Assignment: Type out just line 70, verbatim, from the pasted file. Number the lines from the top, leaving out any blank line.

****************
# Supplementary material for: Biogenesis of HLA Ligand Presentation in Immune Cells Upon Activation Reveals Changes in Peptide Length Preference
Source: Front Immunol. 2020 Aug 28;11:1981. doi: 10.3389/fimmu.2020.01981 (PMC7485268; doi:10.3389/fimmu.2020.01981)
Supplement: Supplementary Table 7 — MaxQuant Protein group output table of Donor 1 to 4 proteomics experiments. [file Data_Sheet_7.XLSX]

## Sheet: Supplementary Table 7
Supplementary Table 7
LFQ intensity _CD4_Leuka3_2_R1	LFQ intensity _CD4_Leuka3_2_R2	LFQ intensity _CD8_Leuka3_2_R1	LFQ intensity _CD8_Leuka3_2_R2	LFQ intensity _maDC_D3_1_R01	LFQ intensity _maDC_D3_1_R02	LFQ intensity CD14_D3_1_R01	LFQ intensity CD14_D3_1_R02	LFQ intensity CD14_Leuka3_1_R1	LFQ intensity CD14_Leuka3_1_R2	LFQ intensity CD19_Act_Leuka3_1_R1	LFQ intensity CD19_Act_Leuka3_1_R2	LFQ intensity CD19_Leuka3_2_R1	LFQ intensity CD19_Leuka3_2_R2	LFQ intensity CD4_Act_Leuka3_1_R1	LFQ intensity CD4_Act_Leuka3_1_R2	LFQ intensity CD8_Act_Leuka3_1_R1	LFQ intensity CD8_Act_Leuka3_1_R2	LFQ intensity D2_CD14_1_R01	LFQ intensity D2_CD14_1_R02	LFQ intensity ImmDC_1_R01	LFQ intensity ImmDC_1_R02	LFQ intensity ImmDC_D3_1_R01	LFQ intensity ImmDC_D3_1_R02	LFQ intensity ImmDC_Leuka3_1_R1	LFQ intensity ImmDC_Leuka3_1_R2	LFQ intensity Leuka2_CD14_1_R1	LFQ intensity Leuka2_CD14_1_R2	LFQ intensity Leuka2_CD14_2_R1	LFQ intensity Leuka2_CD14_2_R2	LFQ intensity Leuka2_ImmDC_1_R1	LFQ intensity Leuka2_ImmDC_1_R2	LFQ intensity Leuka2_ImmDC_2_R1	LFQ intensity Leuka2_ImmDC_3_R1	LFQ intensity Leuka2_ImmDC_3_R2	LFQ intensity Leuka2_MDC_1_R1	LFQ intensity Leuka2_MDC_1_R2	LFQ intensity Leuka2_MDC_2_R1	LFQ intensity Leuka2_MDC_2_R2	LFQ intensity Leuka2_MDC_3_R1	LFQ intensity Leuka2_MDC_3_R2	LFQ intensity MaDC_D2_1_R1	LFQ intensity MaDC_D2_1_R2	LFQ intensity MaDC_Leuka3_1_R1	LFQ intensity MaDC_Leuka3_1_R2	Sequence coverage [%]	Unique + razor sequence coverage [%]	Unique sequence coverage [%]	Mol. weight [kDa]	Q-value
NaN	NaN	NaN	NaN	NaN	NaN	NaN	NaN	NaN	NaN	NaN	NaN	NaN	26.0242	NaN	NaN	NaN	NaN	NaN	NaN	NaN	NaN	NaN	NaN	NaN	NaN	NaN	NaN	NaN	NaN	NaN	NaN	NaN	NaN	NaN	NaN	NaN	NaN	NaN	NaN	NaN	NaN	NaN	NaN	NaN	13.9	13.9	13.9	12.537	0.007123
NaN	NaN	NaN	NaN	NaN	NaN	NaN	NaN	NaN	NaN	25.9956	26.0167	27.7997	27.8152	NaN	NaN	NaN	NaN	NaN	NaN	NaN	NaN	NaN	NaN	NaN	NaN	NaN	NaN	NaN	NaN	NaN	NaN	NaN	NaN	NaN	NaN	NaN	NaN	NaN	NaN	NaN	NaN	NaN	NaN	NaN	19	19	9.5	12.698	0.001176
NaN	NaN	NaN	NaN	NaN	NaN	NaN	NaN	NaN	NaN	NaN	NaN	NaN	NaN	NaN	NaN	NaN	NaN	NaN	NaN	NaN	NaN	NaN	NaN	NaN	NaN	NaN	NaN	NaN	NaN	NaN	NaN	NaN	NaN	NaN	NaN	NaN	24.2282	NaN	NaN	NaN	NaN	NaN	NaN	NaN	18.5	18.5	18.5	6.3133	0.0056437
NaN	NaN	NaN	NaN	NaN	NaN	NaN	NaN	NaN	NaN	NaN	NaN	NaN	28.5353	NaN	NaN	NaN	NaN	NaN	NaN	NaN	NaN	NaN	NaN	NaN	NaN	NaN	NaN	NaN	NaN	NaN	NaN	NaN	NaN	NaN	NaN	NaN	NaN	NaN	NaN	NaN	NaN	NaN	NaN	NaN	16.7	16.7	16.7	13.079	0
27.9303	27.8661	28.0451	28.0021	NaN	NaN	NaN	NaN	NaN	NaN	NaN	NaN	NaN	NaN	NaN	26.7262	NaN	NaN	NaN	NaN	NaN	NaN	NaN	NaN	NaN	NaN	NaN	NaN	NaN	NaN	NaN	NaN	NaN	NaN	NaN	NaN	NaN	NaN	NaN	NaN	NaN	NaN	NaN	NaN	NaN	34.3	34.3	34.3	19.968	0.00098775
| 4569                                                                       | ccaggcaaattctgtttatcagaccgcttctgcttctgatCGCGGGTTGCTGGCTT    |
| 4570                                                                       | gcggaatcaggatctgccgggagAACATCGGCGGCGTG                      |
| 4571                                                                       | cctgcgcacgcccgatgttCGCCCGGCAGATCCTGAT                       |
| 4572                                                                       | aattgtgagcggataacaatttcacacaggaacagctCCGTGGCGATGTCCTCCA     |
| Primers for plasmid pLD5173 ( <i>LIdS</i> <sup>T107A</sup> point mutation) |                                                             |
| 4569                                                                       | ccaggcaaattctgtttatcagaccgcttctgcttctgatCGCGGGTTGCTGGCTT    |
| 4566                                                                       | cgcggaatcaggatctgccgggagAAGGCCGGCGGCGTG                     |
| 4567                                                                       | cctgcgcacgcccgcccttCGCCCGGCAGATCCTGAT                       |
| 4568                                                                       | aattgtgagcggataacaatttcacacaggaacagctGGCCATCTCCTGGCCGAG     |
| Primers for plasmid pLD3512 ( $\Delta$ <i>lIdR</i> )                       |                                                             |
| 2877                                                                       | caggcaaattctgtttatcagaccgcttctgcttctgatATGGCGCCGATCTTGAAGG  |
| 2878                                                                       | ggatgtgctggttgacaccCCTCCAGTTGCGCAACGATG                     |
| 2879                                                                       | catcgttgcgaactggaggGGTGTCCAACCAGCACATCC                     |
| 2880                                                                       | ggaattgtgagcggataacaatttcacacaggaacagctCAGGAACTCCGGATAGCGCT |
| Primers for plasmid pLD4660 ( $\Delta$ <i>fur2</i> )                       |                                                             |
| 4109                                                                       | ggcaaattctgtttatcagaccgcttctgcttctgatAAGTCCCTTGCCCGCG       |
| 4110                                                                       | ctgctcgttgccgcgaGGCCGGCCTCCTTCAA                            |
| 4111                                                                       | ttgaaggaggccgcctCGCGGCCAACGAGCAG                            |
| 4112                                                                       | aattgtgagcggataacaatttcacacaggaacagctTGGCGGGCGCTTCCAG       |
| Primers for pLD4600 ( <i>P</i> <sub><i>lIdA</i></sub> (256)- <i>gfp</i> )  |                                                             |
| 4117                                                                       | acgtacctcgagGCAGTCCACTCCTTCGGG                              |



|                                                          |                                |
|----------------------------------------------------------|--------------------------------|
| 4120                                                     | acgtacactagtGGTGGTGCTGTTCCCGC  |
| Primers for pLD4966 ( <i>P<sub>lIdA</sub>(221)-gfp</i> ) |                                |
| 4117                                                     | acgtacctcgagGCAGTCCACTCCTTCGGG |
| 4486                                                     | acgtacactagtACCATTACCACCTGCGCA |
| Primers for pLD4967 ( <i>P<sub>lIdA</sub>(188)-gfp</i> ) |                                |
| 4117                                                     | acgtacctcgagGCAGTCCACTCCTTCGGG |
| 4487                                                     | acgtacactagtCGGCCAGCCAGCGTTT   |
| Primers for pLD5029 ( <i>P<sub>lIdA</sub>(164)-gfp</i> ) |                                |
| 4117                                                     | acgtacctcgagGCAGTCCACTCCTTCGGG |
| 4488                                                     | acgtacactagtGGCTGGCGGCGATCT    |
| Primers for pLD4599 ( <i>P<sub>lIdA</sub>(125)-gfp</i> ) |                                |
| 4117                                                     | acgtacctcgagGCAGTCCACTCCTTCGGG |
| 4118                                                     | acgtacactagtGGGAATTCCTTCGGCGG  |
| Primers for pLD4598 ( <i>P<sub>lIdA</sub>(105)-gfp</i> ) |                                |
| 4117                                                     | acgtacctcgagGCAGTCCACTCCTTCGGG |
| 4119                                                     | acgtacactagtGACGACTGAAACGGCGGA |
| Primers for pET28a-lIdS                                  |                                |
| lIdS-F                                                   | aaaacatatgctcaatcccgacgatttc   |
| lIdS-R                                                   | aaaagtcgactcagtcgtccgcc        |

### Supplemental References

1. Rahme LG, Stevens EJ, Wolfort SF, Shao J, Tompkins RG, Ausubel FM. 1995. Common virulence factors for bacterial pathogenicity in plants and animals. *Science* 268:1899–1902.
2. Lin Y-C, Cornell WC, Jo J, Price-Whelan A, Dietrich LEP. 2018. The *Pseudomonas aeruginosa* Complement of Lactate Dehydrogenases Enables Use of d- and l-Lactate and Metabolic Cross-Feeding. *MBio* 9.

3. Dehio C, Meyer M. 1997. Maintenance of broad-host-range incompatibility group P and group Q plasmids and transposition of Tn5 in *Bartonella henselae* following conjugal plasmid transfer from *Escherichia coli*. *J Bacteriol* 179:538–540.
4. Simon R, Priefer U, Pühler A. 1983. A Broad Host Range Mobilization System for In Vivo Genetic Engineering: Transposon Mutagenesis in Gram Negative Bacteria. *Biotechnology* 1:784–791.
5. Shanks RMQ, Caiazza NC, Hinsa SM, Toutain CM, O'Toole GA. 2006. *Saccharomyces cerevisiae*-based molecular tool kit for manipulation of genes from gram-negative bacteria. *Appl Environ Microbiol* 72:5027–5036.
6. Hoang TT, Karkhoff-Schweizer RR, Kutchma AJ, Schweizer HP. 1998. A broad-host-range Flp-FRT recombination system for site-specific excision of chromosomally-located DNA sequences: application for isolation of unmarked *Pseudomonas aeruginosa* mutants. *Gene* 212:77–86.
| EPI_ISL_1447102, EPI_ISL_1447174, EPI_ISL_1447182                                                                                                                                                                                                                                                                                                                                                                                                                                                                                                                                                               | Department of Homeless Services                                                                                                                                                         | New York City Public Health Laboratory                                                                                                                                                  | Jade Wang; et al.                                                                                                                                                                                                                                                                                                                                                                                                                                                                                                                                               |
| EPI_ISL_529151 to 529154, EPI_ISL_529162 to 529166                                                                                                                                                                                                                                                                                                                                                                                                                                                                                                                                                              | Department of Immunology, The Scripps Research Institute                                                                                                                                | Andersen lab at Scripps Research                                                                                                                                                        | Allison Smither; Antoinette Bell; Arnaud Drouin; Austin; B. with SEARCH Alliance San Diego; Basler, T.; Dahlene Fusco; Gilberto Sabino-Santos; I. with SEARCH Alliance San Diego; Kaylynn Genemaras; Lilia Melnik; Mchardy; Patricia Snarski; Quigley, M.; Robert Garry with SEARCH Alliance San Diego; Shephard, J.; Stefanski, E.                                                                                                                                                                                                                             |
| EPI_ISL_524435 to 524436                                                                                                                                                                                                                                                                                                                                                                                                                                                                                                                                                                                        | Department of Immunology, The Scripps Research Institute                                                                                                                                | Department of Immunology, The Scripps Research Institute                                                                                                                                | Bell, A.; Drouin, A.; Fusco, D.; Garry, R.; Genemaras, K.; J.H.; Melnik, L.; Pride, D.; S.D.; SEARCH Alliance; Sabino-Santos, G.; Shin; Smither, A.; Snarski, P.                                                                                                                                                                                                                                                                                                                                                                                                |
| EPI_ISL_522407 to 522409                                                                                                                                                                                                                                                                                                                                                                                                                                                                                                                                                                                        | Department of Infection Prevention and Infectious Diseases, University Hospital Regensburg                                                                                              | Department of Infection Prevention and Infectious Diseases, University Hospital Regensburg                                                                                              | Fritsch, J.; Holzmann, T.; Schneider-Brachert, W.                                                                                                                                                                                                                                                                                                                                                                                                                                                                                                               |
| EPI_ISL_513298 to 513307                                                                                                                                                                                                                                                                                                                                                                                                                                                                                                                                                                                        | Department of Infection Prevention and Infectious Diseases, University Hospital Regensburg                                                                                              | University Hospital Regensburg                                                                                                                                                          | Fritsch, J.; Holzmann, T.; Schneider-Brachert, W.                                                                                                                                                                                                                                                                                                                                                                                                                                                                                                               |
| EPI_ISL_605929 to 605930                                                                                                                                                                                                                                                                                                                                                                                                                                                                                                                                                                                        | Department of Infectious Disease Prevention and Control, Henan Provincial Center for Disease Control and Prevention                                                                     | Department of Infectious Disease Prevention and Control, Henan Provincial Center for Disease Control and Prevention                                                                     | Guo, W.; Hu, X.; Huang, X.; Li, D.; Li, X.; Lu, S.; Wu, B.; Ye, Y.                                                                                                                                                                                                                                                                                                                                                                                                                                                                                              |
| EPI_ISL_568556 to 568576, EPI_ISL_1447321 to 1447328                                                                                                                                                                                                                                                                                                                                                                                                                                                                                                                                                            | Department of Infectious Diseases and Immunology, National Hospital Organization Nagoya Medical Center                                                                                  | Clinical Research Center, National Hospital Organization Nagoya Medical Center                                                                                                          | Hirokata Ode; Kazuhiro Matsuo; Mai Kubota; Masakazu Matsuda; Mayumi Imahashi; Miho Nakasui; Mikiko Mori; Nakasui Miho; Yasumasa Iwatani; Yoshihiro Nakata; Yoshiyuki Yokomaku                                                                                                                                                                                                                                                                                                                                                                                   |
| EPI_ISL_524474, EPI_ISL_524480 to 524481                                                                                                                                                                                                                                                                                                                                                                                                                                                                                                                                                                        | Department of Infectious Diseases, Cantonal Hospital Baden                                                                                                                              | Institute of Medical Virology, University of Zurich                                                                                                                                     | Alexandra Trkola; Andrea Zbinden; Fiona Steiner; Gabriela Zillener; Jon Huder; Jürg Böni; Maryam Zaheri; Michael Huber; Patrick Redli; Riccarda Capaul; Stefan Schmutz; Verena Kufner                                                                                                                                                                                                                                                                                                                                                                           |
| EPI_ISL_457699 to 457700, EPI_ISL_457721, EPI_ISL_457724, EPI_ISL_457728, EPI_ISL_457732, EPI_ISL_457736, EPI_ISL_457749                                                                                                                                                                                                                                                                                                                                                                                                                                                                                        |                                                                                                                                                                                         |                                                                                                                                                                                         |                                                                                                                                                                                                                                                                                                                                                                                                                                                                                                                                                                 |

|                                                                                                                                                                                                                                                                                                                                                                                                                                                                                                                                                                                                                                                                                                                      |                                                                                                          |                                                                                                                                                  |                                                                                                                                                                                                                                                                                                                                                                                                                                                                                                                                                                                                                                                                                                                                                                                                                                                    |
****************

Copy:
|                                                                                                                                                                                                                                                                                                                                                                                                                                                                                                                                                                                                                                                                                                                      |                                                                                                          |                                                                                                                                                  |                                                                                                                                                                                                                                                                                                                                                                                                                                                                                                                                                                                                                                                                                                                                                                                                                                                    |